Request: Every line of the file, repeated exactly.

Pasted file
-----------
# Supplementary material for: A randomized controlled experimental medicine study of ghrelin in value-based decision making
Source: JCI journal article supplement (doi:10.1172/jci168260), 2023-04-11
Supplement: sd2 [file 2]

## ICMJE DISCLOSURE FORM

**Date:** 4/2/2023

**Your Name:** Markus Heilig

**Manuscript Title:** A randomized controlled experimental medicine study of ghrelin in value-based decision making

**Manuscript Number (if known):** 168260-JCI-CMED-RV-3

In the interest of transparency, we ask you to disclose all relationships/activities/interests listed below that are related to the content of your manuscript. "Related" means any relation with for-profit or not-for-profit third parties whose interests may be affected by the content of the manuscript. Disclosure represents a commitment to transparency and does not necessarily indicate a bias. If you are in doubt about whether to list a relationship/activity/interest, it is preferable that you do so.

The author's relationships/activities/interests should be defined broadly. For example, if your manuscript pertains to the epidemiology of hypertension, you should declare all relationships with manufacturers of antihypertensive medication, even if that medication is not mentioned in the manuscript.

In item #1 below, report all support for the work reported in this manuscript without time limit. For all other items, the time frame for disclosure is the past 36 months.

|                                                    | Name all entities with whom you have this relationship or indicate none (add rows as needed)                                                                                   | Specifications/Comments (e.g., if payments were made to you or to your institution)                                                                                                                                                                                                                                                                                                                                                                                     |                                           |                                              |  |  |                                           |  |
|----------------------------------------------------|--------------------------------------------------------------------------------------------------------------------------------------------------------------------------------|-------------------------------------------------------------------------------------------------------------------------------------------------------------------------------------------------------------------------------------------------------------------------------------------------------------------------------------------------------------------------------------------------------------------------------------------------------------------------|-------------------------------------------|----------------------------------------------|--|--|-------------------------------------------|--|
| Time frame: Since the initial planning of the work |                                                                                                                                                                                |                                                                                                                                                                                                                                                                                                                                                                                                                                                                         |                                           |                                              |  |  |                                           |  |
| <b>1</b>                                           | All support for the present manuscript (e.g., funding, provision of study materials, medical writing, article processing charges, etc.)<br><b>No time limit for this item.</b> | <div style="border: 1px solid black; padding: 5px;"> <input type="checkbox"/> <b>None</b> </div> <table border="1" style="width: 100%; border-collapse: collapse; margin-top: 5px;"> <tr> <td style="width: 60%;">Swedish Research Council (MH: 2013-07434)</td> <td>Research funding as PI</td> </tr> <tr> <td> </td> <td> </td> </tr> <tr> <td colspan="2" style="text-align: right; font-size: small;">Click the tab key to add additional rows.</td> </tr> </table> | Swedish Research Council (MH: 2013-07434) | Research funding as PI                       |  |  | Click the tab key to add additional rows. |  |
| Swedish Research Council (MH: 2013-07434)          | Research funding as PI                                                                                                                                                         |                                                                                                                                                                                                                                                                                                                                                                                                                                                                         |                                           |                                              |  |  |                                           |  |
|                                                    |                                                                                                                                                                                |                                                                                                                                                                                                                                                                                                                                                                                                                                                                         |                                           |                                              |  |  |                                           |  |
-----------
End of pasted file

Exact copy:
# Supplementary material for: A randomized controlled experimental medicine study of ghrelin in value-based decision making
Source: JCI journal article supplement (doi:10.1172/jci168260), 2023-04-11
Supplement: sd2 [file 2]

## ICMJE DISCLOSURE FORM

**Date:** 4/2/2023

**Your Name:** Markus Heilig

**Manuscript Title:** A randomized controlled experimental medicine study of ghrelin in value-based decision making

**Manuscript Number (if known):** 168260-JCI-CMED-RV-3

In the interest of transparency, we ask you to disclose all relationships/activities/interests listed below that are related to the content of your manuscript. "Related" means any relation with for-profit or not-for-profit third parties whose interests may be affected by the content of the manuscript. Disclosure represents a commitment to transparency and does not necessarily indicate a bias. If you are in doubt about whether to list a relationship/activity/interest, it is preferable that you do so.

The author's relationships/activities/interests should be defined broadly. For example, if your manuscript pertains to the epidemiology of hypertension, you should declare all relationships with manufacturers of antihypertensive medication, even if that medication is not mentioned in the manuscript.

In item #1 below, report all support for the work reported in this manuscript without time limit. For all other items, the time frame for disclosure is the past 36 months.

|                                                    | Name all entities with whom you have this relationship or indicate none (add rows as needed)                                                                                   | Specifications/Comments (e.g., if payments were made to you or to your institution)                                                                                                                                                                                                                                                                                                                                                                                     |                                           |                                              |  |  |                                           |  |
|----------------------------------------------------|--------------------------------------------------------------------------------------------------------------------------------------------------------------------------------|-------------------------------------------------------------------------------------------------------------------------------------------------------------------------------------------------------------------------------------------------------------------------------------------------------------------------------------------------------------------------------------------------------------------------------------------------------------------------|-------------------------------------------|----------------------------------------------|--|--|-------------------------------------------|--|
| Time frame: Since the initial planning of the work |                                                                                                                                                                                |                                                                                                                                                                                                                                                                                                                                                                                                                                                                         |                                           |                                              |  |  |                                           |  |
| <b>1</b>                                           | All support for the present manuscript (e.g., funding, provision of study materials, medical writing, article processing charges, etc.)<br><b>No time limit for this item.</b> | <div style="border: 1px solid black; padding: 5px;"> <input type="checkbox"/> <b>None</b> </div> <table border="1" style="width: 100%; border-collapse: collapse; margin-top: 5px;"> <tr> <td style="width: 60%;">Swedish Research Council (MH: 2013-07434)</td> <td>Research funding as PI</td> </tr> <tr> <td> </td> <td> </td> </tr> <tr> <td colspan="2" style="text-align: right; font-size: small;">Click the tab key to add additional rows.</td> </tr> </table> | Swedish Research Council (MH: 2013-07434) | Research funding as PI                       |  |  | Click the tab key to add additional rows. |  |
| Swedish Research Council (MH: 2013-07434)          | Research funding as PI                                                                                                                                                         |                                                                                                                                                                                                                                                                                                                                                                                                                                                                         |                                           |                                              |  |  |                                           |  |
|                                                    |                                                                                                                                                                                |                                                                                                                                                                                                                                                                                                                                                                                                                                                                         |                                           |                                              |  |  |                                           |  |